– As usual, Senator Missen is talking through a hole in his neck.
- Mr President, I did not ask Senator O’Byrne for a ruling; I asked you for a ruling.
– Yes. A personal explanation must refer to words which have been used by some other person about a senator. That which the honourable senator is now seeking to put as justification for a personal explanation should, I think, be reduced to a personal explanation. The honourable senator can in some way or other introduce that material at another time, but you may explain it yourself.
– I conclude my personal explanation by saying that the members of the Association are the Building Workers Industrial Union of Australia, the Operative Painters and Decorators Union of Australia, the Plumbers and Gasfitters Employees Union of Australia and the Operative Plasterers and Plaster Workers Federation of Australia.
– I raise a point of order. Senator O’Byrne is continually deliberately flouting your ruling. He continues to introduce new matter despite the fact that you have ruled that he must not do so.
- Mr President, to save time I seek leave to incorporate this letter in Hansard.
-Is leave granted?
– Leave has been refused.
- Mr President, I draw your attention to Standing Order 364 which states:
A Document quoted from by a Senator not a Minister of the Crown may be ordered by the Senate to be laid upon the Table: such Order may be made without Notice immediately upon the conclusion of the speech of the Senator who has quoted therefrom.
Under that Standing Order, I call upon Senator O’Byrne to lay the document on the table of the Senate and I move:
Question resolved in the affirmative.
– I am only too pleased to do so.
– I will be very brief in my comments in respect of this matter. I think that most people would be aware that I have known Senator Harradine for many years and most people would know of the difficulties which he experienced as a member of the Australian Labor Party. Most people who are interested in politics and certainly those in Tasmania would know that I was one of the persons who supported him during his difficult days following his expulsion. I opposed his expulsion and tried to persuade as many people in the Labor Party as I could not to support that expulsion. I do not think there is any reason that I am aware of that Senator Harradine should have any cause for any personal animosity towards me. However, I pass no judgment on this matter that has been debated tonight between him and Senator O’Byrne. I have not made any statement on it whatsoever and I do not intend to because I have not studied the documents in sufficient detail to know whether the accusations, serious as they are, are accurate. All I know, as Senator O’Byrne has said, is that the Premier of Tasmania is calling for some definitive statement on it from the Minister for Education.
Last Friday afternoon I received a telephone call when I was in my office. I had people with me at the time. It was a telephone call from Senator Harradine. He will remember it. He indicated to me his concern at statements which were being made by my parliamentary colleagues and invited me to take some action to stop them making those statements. As I could not speak to him at any length, I indicated that I would call him back. I did not because of other factors with which I had to deal. He rang me back on Monday. He said to me: ‘I want you to discipline those people in your party- your colleagues- who are saying these things about me’. I said: ‘I cannot discipline them. It is not my business to. If they with to make these statements that is their right in the Parliament’. He went on to say: ‘They are saying it under privilege’. I indicated that it was their right to say it under privilege if they so desired. He persisted that I should do this and eventually he said: ‘Unless you take some action I will spread some stories about you in the electorate ‘.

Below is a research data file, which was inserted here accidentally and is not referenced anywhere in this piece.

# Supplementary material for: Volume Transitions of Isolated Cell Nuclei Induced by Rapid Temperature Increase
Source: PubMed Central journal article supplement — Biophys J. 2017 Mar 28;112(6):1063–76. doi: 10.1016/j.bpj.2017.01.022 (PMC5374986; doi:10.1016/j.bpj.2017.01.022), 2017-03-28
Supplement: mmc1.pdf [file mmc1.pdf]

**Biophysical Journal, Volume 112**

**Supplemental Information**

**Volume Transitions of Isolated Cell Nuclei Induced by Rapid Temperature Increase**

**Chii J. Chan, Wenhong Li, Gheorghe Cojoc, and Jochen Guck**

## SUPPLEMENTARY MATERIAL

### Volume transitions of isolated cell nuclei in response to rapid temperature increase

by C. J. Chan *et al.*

– That is false.
– It is blackmail.
-That is not false and that is why I am saying it. It was a cross between a threat and blackmail. I said to him: ‘What do you mean by that?’. He reiterated it and said exactly what I have said to the Senate tonight. If he had not said it I would not be raising the matter. That is what I took exception to. Senator Harradine knows that I did and that I eventually hung up on him for what he had said. I do not know what the motive was in Senator Harradine saying that. I can only assume that it was because he did not want certain things to be said in this Parliament. I make it quite clear that I do not know whether Senator O’Byrne is right, but I take the strongest exception to anybody ringing me and threatening me that he would take action against me in my electorate because I would not do what he wanted me to do and that was to shut up Senator O’Byrne and anybody else. Whether or not it was blackmail I do not care, but whatever it was it was not very pleasant.